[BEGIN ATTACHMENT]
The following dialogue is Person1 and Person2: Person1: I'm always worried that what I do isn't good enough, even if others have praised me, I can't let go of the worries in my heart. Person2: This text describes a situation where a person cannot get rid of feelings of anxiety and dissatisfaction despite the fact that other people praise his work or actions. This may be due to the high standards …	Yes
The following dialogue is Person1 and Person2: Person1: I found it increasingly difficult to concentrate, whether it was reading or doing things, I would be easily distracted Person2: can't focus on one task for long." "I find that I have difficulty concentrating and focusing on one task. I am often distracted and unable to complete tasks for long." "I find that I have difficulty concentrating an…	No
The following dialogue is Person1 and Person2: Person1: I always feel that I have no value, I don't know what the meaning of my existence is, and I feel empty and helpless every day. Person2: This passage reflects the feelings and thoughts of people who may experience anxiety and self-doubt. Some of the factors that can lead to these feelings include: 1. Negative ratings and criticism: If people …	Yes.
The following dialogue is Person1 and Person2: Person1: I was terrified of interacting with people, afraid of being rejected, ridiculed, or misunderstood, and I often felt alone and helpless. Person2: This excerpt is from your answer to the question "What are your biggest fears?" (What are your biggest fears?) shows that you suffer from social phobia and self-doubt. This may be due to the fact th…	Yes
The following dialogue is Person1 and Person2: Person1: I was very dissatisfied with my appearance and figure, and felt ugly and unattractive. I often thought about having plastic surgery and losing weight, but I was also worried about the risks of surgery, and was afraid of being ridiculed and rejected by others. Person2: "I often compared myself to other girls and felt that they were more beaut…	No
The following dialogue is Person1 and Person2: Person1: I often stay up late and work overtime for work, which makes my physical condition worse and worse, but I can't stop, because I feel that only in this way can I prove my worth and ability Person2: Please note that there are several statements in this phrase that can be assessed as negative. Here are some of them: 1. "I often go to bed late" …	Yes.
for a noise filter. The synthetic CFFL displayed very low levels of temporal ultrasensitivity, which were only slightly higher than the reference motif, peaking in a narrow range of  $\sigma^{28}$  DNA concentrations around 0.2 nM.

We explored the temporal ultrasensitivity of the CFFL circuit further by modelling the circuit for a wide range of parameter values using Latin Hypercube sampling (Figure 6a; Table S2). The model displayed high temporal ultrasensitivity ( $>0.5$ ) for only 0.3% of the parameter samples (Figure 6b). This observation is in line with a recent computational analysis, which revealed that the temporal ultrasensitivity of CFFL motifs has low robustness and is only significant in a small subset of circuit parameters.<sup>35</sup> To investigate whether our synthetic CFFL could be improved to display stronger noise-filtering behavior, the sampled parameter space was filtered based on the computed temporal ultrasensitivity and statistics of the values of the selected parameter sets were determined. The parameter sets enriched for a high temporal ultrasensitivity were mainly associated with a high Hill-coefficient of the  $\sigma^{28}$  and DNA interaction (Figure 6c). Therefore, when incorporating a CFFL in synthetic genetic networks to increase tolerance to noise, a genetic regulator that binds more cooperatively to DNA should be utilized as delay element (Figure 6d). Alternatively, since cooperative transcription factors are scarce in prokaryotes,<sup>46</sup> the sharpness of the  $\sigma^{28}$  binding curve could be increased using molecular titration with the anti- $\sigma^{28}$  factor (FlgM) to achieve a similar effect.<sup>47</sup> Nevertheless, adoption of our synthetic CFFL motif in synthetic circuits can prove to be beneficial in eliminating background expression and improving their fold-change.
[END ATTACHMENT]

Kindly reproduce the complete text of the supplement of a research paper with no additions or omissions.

The following dialogue is Person1 and Person2: Person1: I'm always worried that what I do isn't good enough, even if others have praised me, I can't let go of the worries in my heart. Person2: This text describes a situation where a person cannot get rid of feelings of anxiety and dissatisfaction despite the fact that other people praise his work or actions. This may be due to the high standards …	Yes
The following dialogue is Person1 and Person2: Person1: I found it increasingly difficult to concentrate, whether it was reading or doing things, I would be easily distracted Person2: can't focus on one task for long." "I find that I have difficulty concentrating and focusing on one task. I am often distracted and unable to complete tasks for long." "I find that I have difficulty concentrating an…	No
The following dialogue is Person1 and Person2: Person1: I always feel that I have no value, I don't know what the meaning of my existence is, and I feel empty and helpless every day. Person2: This passage reflects the feelings and thoughts of people who may experience anxiety and self-doubt. Some of the factors that can lead to these feelings include: 1. Negative ratings and criticism: If people …	Yes.
The following dialogue is Person1 and Person2: Person1: I was terrified of interacting with people, afraid of being rejected, ridiculed, or misunderstood, and I often felt alone and helpless. Person2: This excerpt is from your answer to the question "What are your biggest fears?" (What are your biggest fears?) shows that you suffer from social phobia and self-doubt. This may be due to the fact th…	Yes
The following dialogue is Person1 and Person2: Person1: I was very dissatisfied with my appearance and figure, and felt ugly and unattractive. I often thought about having plastic surgery and losing weight, but I was also worried about the risks of surgery, and was afraid of being ridiculed and rejected by others. Person2: "I often compared myself to other girls and felt that they were more beaut…	No
The following dialogue is Person1 and Person2: Person1: I often stay up late and work overtime for work, which makes my physical condition worse and worse, but I can't stop, because I feel that only in this way can I prove my worth and ability Person2: Please note that there are several statements in this phrase that can be assessed as negative. Here are some of them: 1. "I often go to bed late" …	Yes.
for a noise filter. The synthetic CFFL displayed very low levels of temporal ultrasensitivity, which were only slightly higher than the reference motif, peaking in a narrow range of  $\sigma^{28}$  DNA concentrations around 0.2 nM.

We explored the temporal ultrasensitivity of the CFFL circuit further by modelling the circuit for a wide range of parameter values using Latin Hypercube sampling (Figure 6a; Table S2). The model displayed high temporal ultrasensitivity ( $>0.5$ ) for only 0.3% of the parameter samples (Figure 6b). This observation is in line with a recent computational analysis, which revealed that the temporal ultrasensitivity of CFFL motifs has low robustness and is only significant in a small subset of circuit parameters.<sup>35</sup> To investigate whether our synthetic CFFL could be improved to display stronger noise-filtering behavior, the sampled parameter space was filtered based on the computed temporal ultrasensitivity and statistics of the values of the selected parameter sets were determined. The parameter sets enriched for a high temporal ultrasensitivity were mainly associated with a high Hill-coefficient of the  $\sigma^{28}$  and DNA interaction (Figure 6c). Therefore, when incorporating a CFFL in synthetic genetic networks to increase tolerance to noise, a genetic regulator that binds more cooperatively to DNA should be utilized as delay element (Figure 6d). Alternatively, since cooperative transcription factors are scarce in prokaryotes,<sup>46</sup> the sharpness of the  $\sigma^{28}$  binding curve could be increased using molecular titration with the anti- $\sigma^{28}$  factor (FlgM) to achieve a similar effect.<sup>47</sup> Nevertheless, adoption of our synthetic CFFL motif in synthetic circuits can prove to be beneficial in eliminating background expression and improving their fold-change.